The fruit was originally white and became blood-red from the blood of Pyramus and Thisbe. The tale is, that Thisbe was to meet her lover at the white mulberry-tree near the tomb of Ninus, in a suburb of Babylon. Being scared by a lion, Thisbe fled, and, dropping her veil, it was besmeared with blood. Pyramus, thinking his lady-love had been devoured by a lion, slew himself, and Thisbe, coming up soon afterwards, stabbed herself also. The blood of the lovers stained the white fruit of the mulberry-tree into its present colour.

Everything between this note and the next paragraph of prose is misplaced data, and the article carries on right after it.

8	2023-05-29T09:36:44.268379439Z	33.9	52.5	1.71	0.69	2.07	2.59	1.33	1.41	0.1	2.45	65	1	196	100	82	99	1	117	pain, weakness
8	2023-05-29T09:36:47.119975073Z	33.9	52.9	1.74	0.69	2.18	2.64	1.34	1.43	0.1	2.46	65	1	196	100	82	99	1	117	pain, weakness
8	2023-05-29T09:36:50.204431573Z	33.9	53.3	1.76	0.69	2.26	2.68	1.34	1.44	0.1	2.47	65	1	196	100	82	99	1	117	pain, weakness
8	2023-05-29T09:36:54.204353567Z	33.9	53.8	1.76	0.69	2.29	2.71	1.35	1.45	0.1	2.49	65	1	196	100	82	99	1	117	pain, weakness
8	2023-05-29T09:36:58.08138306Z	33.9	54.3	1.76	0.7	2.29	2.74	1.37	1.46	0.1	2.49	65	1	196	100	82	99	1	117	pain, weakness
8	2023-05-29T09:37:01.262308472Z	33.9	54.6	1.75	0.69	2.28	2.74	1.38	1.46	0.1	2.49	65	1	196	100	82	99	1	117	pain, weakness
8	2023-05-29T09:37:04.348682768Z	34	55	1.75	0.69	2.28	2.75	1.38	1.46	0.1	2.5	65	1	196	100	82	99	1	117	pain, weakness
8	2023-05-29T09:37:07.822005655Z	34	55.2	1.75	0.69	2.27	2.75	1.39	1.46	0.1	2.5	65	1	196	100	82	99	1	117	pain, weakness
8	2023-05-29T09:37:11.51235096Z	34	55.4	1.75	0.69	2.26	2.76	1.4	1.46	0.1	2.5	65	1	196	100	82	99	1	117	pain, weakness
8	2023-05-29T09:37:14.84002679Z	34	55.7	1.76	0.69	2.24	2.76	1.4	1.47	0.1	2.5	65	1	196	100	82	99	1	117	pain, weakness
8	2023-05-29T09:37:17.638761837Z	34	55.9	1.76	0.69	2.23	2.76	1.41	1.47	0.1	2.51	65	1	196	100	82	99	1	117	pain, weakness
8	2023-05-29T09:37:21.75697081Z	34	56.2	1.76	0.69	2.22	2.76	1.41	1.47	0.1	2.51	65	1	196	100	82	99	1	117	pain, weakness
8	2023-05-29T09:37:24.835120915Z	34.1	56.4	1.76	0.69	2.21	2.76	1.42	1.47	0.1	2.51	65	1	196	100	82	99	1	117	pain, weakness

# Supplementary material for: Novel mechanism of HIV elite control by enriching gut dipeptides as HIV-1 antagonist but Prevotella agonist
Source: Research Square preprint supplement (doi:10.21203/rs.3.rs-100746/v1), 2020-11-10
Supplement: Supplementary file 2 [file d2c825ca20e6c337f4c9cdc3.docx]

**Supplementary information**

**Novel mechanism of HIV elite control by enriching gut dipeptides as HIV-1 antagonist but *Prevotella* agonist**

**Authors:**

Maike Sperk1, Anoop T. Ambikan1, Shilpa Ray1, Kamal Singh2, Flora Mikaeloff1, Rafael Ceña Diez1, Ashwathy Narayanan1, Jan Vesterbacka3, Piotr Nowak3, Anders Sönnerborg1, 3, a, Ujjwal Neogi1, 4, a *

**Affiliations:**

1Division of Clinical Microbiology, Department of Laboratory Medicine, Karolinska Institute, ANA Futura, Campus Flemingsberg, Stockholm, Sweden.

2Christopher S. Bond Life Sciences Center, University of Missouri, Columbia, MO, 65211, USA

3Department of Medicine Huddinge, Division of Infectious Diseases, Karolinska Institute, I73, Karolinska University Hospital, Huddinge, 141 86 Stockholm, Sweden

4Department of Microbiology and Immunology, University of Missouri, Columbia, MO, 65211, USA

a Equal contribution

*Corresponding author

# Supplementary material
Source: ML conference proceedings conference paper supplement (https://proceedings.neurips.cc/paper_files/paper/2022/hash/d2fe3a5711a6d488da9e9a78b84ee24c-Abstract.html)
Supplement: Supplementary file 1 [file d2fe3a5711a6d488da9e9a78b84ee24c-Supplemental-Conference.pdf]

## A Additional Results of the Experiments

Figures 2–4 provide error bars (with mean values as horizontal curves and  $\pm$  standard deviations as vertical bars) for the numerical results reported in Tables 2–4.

The botanical name is Morus, from the Greek moros (a fool); so called, we are told in the Hortus Anglicus, because “it is reputed the wisest of all flowers, as it never buds till the cold weather is past and gone.”
In the Seven Champions (pt. i. chap. iv.) we are told that Eglantine, daughter of the King of Thessaly, was transformed into a mulberry-tree.
Source: Dictionary of Phrase and Fable, E. Cobham Brewer, 1894
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